The recent revelations about the scope of the Obama administration’s secret surveillance programs have at least one silver lining: provoking a national debate about the right to privacy and prompting people to learn more about its ethical, legal and practical dimensions. Readers approaching this fascinating subject for the first time might want to begin with the best article on privacy ever written: Samuel Warren and Louis Brandeis’s “The Right to Privacy,” first published in the Harvard Law Review in 1890 and available online. After that warm-up, here are some of my favorite privacy books.

PRIVACY AND FREEDOM by Alan F. Westin (1967). The best book on privacy written in the late 20th century. Westin identifies four states of privacy: solitude, intimacy, reserve and anonymity. In addition to inspiring many of the privacy reforms of the 1970s and 1980s — such as those championed by the Church Commission and enacted in the Foreign Intelligence Surveillance Act — Westin’s book was the central inspiration for my two books about privacy (obviously personal favorites as well!): “The Unwanted Gaze: The Destruction of Privacy in America” (2000) and “The Naked Crowd: Reclaiming Security and Freedom in an Anxious Age” (2004).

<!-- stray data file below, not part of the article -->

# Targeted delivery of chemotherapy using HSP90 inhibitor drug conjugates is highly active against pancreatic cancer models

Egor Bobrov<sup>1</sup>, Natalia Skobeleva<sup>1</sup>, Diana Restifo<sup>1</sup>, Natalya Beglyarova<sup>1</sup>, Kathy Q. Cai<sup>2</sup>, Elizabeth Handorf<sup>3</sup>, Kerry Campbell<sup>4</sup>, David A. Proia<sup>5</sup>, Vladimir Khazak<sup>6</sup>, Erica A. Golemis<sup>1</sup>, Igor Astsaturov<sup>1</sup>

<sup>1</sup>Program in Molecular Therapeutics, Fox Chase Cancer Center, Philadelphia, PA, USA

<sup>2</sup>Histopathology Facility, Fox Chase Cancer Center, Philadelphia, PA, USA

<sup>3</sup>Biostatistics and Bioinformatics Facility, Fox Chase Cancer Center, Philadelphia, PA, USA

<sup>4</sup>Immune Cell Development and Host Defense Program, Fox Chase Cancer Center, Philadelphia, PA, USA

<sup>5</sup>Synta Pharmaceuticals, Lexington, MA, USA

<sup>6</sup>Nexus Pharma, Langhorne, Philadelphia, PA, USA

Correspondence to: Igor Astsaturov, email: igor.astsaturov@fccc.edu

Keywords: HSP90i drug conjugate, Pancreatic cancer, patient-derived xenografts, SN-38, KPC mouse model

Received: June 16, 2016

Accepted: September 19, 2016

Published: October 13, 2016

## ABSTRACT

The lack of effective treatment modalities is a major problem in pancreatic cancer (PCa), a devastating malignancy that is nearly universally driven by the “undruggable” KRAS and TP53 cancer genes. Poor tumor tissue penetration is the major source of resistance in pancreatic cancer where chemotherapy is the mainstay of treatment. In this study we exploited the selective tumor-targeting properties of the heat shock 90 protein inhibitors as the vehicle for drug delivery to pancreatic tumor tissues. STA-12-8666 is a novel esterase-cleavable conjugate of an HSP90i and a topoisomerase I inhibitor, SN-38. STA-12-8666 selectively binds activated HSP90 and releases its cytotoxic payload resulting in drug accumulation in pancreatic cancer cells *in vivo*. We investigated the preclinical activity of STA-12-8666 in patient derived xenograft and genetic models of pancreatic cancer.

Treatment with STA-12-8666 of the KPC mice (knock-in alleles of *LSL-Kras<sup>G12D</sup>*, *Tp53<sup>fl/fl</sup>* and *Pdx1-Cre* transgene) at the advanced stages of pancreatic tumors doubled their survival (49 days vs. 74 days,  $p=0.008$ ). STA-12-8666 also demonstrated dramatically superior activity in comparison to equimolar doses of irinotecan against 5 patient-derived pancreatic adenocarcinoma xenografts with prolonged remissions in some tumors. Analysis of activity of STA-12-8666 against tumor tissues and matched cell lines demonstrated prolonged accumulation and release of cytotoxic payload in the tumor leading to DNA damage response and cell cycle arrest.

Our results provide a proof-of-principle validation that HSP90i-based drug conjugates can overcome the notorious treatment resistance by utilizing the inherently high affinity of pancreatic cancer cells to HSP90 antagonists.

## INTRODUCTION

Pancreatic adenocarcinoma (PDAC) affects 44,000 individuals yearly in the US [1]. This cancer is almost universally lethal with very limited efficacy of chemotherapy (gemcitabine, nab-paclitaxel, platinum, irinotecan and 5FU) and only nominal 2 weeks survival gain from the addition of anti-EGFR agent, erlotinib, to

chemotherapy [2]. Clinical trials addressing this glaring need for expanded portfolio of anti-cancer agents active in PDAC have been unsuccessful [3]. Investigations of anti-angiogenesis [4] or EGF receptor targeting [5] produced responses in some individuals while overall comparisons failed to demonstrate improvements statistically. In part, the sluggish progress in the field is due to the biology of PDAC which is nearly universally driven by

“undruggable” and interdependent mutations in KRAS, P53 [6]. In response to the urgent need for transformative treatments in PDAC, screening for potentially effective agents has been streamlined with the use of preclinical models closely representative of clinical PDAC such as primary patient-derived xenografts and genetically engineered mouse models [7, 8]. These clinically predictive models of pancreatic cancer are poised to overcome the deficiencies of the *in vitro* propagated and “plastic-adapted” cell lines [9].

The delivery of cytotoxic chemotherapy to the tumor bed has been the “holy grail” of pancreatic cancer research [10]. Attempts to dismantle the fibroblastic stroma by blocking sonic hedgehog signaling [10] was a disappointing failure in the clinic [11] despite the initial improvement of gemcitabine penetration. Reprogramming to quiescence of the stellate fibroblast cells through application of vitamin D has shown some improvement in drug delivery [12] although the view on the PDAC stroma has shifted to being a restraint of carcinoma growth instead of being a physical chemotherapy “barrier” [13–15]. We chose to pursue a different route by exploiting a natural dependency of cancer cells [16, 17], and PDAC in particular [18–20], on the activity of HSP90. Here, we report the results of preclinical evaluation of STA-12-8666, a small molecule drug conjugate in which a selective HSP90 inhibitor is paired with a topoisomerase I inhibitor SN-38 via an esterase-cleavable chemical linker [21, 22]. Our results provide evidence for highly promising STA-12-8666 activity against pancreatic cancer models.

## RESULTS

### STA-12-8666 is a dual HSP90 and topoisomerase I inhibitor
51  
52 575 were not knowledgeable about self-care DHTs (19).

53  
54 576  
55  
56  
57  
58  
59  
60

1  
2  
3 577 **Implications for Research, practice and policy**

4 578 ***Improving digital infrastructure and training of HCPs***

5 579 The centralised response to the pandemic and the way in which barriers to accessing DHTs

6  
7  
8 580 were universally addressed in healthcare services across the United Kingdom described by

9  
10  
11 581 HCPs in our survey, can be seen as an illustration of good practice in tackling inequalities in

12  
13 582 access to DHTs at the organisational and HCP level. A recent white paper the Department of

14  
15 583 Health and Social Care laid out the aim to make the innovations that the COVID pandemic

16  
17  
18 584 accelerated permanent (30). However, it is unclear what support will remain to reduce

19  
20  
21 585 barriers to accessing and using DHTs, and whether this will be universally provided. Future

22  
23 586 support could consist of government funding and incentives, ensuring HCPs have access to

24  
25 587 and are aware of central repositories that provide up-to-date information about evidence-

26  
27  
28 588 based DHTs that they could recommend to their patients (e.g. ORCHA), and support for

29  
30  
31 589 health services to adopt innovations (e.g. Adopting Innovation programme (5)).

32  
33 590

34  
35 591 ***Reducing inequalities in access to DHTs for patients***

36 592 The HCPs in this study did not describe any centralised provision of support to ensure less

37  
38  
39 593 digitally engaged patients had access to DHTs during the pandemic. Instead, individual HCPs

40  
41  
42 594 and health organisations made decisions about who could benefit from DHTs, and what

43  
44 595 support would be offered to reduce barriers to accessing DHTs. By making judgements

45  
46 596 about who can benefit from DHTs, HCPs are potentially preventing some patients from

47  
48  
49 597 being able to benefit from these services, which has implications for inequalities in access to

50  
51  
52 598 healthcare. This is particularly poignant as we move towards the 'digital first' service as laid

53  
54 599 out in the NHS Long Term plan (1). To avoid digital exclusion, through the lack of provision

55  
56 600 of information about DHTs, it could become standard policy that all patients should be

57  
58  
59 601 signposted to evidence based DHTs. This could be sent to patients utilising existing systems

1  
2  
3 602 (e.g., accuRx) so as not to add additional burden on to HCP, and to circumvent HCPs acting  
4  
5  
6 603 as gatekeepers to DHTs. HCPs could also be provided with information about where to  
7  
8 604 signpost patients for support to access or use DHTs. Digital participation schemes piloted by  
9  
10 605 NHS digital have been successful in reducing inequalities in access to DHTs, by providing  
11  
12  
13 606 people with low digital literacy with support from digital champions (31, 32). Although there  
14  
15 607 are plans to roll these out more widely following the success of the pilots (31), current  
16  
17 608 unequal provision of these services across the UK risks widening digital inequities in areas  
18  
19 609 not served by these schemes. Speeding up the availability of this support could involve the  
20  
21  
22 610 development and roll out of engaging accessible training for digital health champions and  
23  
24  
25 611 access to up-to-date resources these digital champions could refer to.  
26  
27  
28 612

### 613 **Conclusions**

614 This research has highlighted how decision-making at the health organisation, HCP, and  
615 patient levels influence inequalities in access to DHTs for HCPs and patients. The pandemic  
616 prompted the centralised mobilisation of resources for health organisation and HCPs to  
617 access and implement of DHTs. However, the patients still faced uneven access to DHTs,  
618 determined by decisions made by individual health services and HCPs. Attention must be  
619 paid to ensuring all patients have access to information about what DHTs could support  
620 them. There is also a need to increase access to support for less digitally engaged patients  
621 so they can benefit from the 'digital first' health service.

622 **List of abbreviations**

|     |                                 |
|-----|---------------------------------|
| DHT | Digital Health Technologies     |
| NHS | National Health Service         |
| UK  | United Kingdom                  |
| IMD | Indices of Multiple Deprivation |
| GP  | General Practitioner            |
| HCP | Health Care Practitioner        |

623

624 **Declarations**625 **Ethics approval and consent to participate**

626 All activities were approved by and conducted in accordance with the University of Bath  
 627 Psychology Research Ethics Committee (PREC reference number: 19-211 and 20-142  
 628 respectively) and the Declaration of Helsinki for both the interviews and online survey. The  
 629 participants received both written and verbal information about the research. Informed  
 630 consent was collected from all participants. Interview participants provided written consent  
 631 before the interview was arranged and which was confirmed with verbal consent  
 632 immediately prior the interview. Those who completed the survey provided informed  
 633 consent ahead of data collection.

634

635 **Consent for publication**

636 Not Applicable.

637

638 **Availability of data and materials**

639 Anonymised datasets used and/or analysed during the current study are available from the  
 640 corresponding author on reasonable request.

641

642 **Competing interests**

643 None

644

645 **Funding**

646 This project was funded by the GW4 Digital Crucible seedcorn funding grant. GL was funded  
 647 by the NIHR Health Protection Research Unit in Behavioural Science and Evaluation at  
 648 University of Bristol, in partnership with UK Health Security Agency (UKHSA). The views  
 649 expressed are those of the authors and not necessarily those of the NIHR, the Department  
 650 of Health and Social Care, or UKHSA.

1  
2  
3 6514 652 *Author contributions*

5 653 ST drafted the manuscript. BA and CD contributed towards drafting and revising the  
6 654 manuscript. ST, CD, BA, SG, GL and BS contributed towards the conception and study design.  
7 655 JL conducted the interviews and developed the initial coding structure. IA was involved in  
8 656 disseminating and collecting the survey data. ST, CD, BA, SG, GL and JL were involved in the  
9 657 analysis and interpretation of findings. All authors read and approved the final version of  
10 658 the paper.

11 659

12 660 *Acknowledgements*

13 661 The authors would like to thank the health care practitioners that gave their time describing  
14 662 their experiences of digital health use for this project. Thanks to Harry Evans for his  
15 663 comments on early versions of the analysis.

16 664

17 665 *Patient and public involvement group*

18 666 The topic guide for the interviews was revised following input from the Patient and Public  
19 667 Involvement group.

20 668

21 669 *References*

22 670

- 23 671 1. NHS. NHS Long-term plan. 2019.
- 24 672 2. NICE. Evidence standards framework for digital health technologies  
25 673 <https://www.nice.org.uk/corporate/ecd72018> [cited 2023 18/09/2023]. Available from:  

THE FALL OF PUBLIC MAN by Richard Sennett (1974). Sennett brilliantly invokes history and sociology on behalf of his arresting thesis: that as the private has usurped the public sphere, individuals and society have suffered.

THE FUTURE OF THE INTERNET AND HOW TO STOP IT by Jonathan Zittrain (2008). In addition to illuminating how the Internet works, Zittrain explores the transition from what he calls Privacy 1.0, where threats to privacy came mostly from data stored in government and corporate databases, to Privacy 2.0, where the data is generated, recorded and shared by individuals. Zittrain helps illuminate why the government and the private sector can share information so easily, and why the law seems to make that easier, not harder.

UNDERSTANDING PRIVACY by Daniel J. Solove (2008). In the tradition of Westin, Solove offers an influential new taxonomy of privacy for the Internet Age: information collection, processing, dissemination and invasion.

CONSTITUTION 3.0: FREEDOM AND TECHNOLOGICAL CHANGEedited by Jeffrey Rosen and Benjamin Wittes (2011). A collection of essays by legal scholars and commentators who imagine what the privacy and free speech landscape will look like in 2030 and propose some legal and technological solutions for protecting constitutional values in light of changing technologies. Some of those solutions might avoid future surveillance controversies like the one we’re faced with now.

Jeffrey Rosen is the president and chief executive of the National Constitution Center in Philadelphia and a law professor at George Washington University. He is legal affairs editor of The New Republic.